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Visual Studio Code is a strong candidate. It comes with more stuff out-of-the-box than Atom, and is noticeably faster (despite being built on the same foundation).

It's free and open-source. It's available for Linux and Windows (and Mac). I honestly don't know if it uses GTK on Linux, but it's highly themable, with many third-party themes available.

It comes with syntax highlighting for HTML (not sure about Jinja2), CSS, SCSS, JavaScript, TypeScript (would be weird not to, as it's the primary development language for the whole project), Python, Rust, and C++. (And a ton of others.) Stylus and Vue support is available through extensions.

Has linting for numerous languages, often implemented as integration with established, existing linter projects. I'm confident if you include available extensions, you'll have what you need.

Not sure exactly what features are implied by "code intelligence" but there is definitely IntelliSense support for plenty of languages.

Has Emmet and built-in terminal.

Has Git integration and obviously a plugin system.

Most if not all the other requested features are either also already included or very easily available through extensions.

It's also being improved at a fairly impressive pace. It's a younger project than Atom but has already basically caught up if not exceeded Atom.

Small tidbit for Sublime Text users: VS Code specifically tries to emulate ST's bracket completion behavior rather than Atom's (they are slightly different). There are probably a number of other design decisions where VS Code has tried to follow ST's lead. Though honestly, all three of these editors (Sublime Text, Atom, VS Code) are quite good, and the Internet is full of blog posts and forum comments from people who have switched in all directions (and often back again) among the three.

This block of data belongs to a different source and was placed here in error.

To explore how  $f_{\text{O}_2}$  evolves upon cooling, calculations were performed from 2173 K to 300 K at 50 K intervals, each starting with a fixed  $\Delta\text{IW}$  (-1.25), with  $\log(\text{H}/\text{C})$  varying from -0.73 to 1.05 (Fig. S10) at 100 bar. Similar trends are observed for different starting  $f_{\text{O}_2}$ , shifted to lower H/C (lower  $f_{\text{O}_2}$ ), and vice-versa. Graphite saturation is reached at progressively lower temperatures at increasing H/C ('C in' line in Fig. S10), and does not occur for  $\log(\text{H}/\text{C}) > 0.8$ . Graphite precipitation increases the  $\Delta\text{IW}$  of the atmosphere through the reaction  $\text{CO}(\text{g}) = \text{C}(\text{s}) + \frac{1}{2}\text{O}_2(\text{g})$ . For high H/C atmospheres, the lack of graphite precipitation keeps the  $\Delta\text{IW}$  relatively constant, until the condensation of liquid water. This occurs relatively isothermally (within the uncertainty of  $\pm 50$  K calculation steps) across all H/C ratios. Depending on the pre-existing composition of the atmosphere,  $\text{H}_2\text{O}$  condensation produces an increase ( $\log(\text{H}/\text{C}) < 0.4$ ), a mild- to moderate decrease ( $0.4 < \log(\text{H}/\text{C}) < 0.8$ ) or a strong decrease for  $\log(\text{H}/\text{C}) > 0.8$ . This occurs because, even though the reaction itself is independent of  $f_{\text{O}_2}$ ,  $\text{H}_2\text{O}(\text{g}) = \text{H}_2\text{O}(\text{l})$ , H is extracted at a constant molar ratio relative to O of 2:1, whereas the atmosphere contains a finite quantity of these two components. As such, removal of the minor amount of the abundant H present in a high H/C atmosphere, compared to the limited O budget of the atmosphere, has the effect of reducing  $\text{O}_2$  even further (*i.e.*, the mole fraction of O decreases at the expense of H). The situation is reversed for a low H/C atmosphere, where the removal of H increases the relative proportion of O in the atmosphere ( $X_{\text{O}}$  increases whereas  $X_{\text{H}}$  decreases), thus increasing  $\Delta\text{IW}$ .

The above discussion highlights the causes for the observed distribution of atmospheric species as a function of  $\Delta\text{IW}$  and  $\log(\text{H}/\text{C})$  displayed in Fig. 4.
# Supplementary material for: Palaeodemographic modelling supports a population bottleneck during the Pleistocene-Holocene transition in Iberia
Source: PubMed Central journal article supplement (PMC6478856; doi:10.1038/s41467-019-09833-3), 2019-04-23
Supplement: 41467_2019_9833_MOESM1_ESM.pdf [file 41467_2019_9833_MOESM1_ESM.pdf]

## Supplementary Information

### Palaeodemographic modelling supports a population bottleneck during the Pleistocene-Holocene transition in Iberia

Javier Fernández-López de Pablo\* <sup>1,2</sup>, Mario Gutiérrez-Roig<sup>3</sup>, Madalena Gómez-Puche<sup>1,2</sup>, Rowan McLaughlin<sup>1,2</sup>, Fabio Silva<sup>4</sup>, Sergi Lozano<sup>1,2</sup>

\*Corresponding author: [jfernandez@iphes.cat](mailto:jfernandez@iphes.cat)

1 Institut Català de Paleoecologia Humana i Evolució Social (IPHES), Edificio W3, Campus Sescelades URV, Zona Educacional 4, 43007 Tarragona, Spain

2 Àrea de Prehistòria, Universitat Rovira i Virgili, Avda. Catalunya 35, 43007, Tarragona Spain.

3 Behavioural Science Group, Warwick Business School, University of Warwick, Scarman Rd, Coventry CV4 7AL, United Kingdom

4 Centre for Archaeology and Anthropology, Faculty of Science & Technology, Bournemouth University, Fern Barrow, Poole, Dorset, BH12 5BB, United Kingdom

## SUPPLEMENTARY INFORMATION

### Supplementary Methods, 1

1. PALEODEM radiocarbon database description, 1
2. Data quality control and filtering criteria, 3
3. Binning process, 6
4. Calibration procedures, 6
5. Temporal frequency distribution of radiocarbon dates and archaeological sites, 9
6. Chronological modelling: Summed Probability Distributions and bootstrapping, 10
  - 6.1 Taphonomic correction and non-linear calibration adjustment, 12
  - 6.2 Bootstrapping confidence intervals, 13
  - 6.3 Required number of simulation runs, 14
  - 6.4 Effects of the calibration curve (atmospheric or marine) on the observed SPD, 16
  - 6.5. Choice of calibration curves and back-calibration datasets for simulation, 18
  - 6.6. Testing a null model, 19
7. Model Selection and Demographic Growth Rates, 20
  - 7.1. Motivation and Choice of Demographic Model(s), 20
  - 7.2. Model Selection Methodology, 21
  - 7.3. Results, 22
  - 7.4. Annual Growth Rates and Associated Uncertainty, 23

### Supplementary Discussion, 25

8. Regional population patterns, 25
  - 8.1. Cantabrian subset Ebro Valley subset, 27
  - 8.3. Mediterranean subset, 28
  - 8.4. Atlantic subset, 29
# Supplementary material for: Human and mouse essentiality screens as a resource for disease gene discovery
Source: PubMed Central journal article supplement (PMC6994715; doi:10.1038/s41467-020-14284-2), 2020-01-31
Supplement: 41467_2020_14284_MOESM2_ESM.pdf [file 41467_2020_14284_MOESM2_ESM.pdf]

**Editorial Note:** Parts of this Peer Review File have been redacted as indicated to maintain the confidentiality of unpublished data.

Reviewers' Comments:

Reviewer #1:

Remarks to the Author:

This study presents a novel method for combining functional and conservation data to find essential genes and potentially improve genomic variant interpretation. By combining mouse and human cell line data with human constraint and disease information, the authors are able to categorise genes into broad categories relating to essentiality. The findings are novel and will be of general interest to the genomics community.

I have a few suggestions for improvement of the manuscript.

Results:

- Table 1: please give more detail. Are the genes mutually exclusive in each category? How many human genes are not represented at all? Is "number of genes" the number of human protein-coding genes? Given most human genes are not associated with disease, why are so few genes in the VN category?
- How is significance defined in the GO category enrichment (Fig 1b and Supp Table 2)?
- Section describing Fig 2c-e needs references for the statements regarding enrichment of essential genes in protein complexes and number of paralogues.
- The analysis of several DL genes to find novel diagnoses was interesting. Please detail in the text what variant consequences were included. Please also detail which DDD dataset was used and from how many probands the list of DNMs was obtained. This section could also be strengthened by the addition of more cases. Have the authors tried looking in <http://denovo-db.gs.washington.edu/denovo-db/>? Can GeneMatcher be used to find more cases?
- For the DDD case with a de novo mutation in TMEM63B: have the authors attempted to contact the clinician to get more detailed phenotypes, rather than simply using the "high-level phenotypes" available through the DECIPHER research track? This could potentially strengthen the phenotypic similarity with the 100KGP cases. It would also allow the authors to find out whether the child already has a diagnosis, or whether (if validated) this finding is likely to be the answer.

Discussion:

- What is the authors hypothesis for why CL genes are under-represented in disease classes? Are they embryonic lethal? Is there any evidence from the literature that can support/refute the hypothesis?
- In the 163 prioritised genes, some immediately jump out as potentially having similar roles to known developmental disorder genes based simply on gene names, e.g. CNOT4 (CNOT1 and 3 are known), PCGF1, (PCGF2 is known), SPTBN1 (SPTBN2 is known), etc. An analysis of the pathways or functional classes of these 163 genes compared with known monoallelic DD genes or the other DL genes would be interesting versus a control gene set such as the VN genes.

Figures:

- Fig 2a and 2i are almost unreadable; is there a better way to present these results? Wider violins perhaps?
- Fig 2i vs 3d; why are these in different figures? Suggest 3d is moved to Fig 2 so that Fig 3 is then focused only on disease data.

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CudaText almost fits. Most things are done via addons: linters, lexers, plugins. Open source, cross-platform. It uses GTK2 theme if Linux.

CudaText

  • Support for BIG files is very limited though. (Cant use lexers).
  • Missing one-two lexers from what you mentioned.
  • Missing code intelligence for JS (it is not done yet). Present for Python.
  • Linters are here, using CudaLint addon. Missing for one-two lexers.
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For Windows :

You can use Notepad++, It is with a lot of Features like :

  • Syntax Highlighting and Syntax Folding
  • User Defined Syntax Highlighting and Folding: screenshot 1, screenshot 2, screenshot 3 and screenshot 4
  • PCRE (Perl Compatible Regular Expression) Search/Replace
  • GUI entirely customizable: minimalist, tab with close button, multi-line tab, vertical tab and vertical document list
  • Document Map
  • Auto-completion: Word completion, Function completion and Function parameters hint
  • Multi-Document (Tab interface)
  • Multi-View
  • WYSIWYG (Printing)
  • Zoom in and zoom out
  • Multi-Language environment supported
  • Bookmark
  • Macro recording and playback
  • Launch with different arguments

For Linux (Also for Windows) :

Vim is back..!

I don't know more about it but i think it is similar to Gedit which is used in GNOME Environment

But Sublime Text 3 is Flawless